“My advice would be: you already know. You already know where the pain is. You already know where things don’t make sense and don’t align. You already have the tools to navigate through the institutions, or outside of them if that’s what you choose to do. And the world right now, those in positions of power and those privileged by these oppressive systems, are starting to understand and to join in on the dismantling. But by virtue of existing and working and making, you are dismantling the systems of oppression as black and brown people. So I say, ‘You already know’ to affirm that when the world reflects back to you something that doesn’t match the image you have for yourself, to disregard that and to center yourself back into the knowledge that you already have. Back into your community, and to make work from there. And to make it work from there.
It is important we understand that systems of oppression are contextual. Like as a black, queer, agender dance artist, I know that I live and manifest in a body that receives tremendous top-tier, A-1, USDA grade male privilege, even though I do not identify as a man. And that’s important to know because it still shapes the world that I’m trying to dismantle. So that’s to say that when we have the intention of dismantling systems of oppression that we are privileged in, it’s very important for us to sit down and silence ourselves, so that we can listen to those oppressed by those systems and be ready to follow their leadership.”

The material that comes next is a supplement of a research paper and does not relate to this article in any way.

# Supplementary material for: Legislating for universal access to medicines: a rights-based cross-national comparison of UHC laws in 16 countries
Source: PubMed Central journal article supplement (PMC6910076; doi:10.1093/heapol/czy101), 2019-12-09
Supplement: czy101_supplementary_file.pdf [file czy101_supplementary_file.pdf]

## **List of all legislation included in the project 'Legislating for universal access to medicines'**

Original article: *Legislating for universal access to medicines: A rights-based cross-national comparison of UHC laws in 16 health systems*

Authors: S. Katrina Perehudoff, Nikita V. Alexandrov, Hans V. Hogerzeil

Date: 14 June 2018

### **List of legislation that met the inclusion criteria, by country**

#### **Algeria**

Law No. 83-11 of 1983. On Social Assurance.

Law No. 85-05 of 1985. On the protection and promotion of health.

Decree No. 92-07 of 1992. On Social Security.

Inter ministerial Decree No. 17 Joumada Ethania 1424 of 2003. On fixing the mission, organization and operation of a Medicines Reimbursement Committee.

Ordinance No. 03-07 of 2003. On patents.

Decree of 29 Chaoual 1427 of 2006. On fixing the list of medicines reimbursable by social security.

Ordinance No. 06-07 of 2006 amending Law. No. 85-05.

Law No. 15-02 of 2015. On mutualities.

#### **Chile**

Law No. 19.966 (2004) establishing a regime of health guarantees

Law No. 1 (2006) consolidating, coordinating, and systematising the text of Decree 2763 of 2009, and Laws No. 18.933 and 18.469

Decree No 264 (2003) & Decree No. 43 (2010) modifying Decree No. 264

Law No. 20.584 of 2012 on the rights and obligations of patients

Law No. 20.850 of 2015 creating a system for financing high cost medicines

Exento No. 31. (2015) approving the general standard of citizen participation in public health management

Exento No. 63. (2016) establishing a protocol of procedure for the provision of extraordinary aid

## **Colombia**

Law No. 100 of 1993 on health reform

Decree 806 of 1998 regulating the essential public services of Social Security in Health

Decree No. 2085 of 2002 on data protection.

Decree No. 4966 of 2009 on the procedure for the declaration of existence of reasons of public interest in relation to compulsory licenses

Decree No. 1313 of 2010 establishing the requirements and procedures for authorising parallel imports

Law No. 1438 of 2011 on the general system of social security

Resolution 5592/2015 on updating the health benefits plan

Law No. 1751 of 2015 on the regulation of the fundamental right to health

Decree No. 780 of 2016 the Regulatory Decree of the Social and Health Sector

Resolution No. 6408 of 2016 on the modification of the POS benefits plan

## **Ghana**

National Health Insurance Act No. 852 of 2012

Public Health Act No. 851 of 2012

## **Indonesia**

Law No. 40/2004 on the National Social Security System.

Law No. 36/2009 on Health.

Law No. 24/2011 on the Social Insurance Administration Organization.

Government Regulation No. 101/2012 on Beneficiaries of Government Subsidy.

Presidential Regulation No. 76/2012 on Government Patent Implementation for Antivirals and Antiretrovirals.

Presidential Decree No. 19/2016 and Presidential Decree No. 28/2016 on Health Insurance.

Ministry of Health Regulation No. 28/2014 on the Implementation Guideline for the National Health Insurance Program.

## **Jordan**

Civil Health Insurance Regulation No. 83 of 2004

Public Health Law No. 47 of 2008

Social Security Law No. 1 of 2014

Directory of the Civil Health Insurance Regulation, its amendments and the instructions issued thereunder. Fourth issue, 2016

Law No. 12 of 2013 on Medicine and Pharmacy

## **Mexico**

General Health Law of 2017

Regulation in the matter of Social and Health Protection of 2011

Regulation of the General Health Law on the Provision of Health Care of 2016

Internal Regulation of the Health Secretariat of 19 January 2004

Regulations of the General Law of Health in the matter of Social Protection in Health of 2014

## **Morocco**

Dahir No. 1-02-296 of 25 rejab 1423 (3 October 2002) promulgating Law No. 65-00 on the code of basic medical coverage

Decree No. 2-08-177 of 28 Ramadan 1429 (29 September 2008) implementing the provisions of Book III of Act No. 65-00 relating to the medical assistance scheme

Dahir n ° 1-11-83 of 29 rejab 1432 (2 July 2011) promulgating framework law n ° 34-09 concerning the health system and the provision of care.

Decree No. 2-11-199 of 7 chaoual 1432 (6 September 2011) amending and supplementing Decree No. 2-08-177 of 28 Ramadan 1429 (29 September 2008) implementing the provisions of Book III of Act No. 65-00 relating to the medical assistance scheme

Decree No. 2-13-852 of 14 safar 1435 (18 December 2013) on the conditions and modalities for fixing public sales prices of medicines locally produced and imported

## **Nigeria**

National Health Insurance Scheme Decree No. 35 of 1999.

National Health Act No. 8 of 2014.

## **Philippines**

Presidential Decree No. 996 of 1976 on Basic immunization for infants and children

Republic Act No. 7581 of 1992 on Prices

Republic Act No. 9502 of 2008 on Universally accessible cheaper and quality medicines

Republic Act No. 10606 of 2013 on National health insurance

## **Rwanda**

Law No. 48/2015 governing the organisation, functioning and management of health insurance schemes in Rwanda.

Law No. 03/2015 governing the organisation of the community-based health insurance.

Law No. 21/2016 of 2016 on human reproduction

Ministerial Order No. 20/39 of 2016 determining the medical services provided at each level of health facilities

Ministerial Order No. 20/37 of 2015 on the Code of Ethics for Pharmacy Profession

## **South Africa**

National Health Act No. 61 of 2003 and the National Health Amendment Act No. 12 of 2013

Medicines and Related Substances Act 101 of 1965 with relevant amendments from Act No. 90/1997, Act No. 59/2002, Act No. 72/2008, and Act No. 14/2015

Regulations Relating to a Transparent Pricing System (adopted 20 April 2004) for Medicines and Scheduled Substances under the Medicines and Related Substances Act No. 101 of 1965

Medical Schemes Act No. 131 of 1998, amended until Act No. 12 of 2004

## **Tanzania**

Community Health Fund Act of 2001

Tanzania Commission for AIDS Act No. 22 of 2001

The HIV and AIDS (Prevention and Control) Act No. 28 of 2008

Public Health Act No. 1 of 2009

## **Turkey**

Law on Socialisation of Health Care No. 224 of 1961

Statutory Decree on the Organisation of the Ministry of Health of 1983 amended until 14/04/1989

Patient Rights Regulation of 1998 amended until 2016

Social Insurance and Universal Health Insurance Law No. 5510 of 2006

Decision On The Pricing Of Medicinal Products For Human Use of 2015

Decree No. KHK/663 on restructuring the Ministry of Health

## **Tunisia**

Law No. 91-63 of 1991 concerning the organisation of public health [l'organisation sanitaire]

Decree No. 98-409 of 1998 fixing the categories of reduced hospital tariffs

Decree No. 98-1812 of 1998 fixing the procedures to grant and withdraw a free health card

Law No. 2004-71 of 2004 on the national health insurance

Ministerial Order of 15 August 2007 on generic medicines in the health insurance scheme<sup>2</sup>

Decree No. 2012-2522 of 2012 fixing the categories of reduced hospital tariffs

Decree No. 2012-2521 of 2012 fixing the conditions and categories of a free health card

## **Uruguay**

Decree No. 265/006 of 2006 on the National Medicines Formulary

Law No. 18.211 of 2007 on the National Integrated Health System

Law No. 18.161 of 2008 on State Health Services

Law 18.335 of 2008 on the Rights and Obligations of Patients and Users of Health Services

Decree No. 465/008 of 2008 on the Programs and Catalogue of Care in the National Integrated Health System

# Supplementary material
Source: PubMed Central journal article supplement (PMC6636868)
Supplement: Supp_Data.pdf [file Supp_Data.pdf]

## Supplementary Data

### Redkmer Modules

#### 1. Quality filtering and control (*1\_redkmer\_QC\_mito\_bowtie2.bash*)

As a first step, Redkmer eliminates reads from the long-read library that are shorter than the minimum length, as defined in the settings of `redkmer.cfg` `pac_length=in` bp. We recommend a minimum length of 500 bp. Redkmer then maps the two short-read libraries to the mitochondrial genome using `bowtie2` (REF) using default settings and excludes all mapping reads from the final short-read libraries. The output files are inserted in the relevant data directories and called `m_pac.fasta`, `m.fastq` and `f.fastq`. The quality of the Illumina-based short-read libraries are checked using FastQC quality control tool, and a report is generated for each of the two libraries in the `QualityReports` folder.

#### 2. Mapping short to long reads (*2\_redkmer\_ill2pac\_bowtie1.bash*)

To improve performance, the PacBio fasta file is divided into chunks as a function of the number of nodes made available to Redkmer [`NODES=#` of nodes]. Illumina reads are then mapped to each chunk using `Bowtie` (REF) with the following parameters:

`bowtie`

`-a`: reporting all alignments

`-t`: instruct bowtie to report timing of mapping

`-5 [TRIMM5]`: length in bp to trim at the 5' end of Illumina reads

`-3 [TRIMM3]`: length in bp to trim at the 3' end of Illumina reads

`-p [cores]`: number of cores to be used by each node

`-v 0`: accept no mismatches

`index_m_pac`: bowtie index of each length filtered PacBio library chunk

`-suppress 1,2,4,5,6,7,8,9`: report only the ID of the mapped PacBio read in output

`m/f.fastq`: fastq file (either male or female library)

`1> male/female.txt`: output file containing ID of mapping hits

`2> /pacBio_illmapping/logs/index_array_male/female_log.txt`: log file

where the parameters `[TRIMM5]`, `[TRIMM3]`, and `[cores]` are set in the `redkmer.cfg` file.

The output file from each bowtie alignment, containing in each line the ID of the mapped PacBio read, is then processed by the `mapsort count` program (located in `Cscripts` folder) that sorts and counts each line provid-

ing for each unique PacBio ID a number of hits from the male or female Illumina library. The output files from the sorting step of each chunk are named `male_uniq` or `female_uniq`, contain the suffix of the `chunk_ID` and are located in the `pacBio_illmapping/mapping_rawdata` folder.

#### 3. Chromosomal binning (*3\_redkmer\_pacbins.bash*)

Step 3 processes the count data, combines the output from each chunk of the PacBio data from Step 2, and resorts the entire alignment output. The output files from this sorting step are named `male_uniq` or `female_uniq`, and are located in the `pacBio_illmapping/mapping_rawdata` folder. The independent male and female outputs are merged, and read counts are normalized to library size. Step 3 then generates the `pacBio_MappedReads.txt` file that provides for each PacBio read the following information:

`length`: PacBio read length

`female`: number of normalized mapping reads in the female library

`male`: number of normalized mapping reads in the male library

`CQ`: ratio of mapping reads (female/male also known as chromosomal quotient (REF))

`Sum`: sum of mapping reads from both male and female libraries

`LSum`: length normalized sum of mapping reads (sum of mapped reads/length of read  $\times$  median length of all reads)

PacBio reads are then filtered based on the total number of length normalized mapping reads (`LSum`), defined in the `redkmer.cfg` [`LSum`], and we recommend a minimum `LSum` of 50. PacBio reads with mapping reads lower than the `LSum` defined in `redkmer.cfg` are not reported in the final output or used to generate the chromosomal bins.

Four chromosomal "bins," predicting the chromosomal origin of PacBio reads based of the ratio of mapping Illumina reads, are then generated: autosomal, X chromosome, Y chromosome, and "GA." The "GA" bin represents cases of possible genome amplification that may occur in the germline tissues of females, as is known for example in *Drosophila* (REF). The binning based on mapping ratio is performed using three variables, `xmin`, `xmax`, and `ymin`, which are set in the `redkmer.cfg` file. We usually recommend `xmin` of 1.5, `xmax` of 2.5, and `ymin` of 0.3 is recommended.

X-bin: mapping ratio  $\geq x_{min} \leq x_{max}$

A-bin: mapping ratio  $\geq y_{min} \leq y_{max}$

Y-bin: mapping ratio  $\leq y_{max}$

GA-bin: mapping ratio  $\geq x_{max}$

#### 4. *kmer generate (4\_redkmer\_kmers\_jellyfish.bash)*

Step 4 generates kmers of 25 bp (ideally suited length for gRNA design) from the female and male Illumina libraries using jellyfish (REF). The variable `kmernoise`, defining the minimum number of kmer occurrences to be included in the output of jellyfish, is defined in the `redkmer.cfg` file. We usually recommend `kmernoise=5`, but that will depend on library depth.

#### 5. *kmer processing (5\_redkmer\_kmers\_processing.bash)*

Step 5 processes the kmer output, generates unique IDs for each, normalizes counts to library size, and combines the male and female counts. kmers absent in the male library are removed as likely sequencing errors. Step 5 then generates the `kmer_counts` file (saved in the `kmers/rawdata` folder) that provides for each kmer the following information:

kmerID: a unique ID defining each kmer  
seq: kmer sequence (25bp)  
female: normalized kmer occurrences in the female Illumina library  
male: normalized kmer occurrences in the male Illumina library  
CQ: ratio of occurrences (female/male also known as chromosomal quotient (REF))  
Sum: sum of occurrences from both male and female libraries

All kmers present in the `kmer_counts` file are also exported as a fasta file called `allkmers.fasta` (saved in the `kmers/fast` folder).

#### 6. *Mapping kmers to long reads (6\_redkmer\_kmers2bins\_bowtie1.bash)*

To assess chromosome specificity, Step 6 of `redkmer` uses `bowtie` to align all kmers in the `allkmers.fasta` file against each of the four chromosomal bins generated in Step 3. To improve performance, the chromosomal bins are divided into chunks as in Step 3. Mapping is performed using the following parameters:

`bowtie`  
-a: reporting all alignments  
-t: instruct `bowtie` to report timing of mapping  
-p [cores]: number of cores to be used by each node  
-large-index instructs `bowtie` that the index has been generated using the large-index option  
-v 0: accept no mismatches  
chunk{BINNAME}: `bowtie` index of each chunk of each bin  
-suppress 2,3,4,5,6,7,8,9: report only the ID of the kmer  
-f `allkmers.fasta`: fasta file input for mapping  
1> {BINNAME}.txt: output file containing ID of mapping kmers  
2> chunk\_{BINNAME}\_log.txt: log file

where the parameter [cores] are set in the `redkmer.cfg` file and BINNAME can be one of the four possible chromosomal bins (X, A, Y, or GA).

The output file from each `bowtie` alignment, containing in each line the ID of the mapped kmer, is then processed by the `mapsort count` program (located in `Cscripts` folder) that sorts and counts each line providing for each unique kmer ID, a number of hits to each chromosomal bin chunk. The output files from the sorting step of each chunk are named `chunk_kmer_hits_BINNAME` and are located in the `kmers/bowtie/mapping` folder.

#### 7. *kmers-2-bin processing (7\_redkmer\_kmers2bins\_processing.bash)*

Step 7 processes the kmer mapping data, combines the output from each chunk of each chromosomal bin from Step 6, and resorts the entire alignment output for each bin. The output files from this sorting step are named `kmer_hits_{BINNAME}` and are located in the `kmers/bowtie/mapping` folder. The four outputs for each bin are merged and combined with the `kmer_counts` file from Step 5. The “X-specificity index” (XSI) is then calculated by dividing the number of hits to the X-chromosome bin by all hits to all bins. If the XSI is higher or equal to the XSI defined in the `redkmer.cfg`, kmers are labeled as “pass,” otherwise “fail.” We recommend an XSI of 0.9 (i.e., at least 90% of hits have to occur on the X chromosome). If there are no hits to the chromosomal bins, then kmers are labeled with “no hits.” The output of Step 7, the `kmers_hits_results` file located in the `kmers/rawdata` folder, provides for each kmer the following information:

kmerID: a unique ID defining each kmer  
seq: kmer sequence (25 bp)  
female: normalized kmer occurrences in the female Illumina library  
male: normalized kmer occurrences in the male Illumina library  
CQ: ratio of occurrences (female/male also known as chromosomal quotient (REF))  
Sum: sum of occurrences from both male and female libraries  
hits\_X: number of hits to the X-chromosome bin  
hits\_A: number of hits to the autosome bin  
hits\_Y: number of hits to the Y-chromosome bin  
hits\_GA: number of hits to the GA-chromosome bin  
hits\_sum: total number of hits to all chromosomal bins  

“I deal with the same thing, I think that’s part of why J. and I are such good friends; we intersect in that same way.”
Would you mind explaining the concept of intersectionality?
“Intersectionality deals with how your race, gender, sexuality and class background form your perception of the world and your perception of who you are. Everybody has different intersecting ideas that go into making them. Through understanding your unique intersectionality, you can recognize whatever privileges you might hold, and how to use them to support those who don’t hold the same ones. So recognize every aspect of who you are. Stand firm in that, and know that your intersectionality in the world is your power.”
By Holly LaRoche of Dance Informa.
The writer of this article donated her fee to the Black Trans Femmes in the Arts Collective.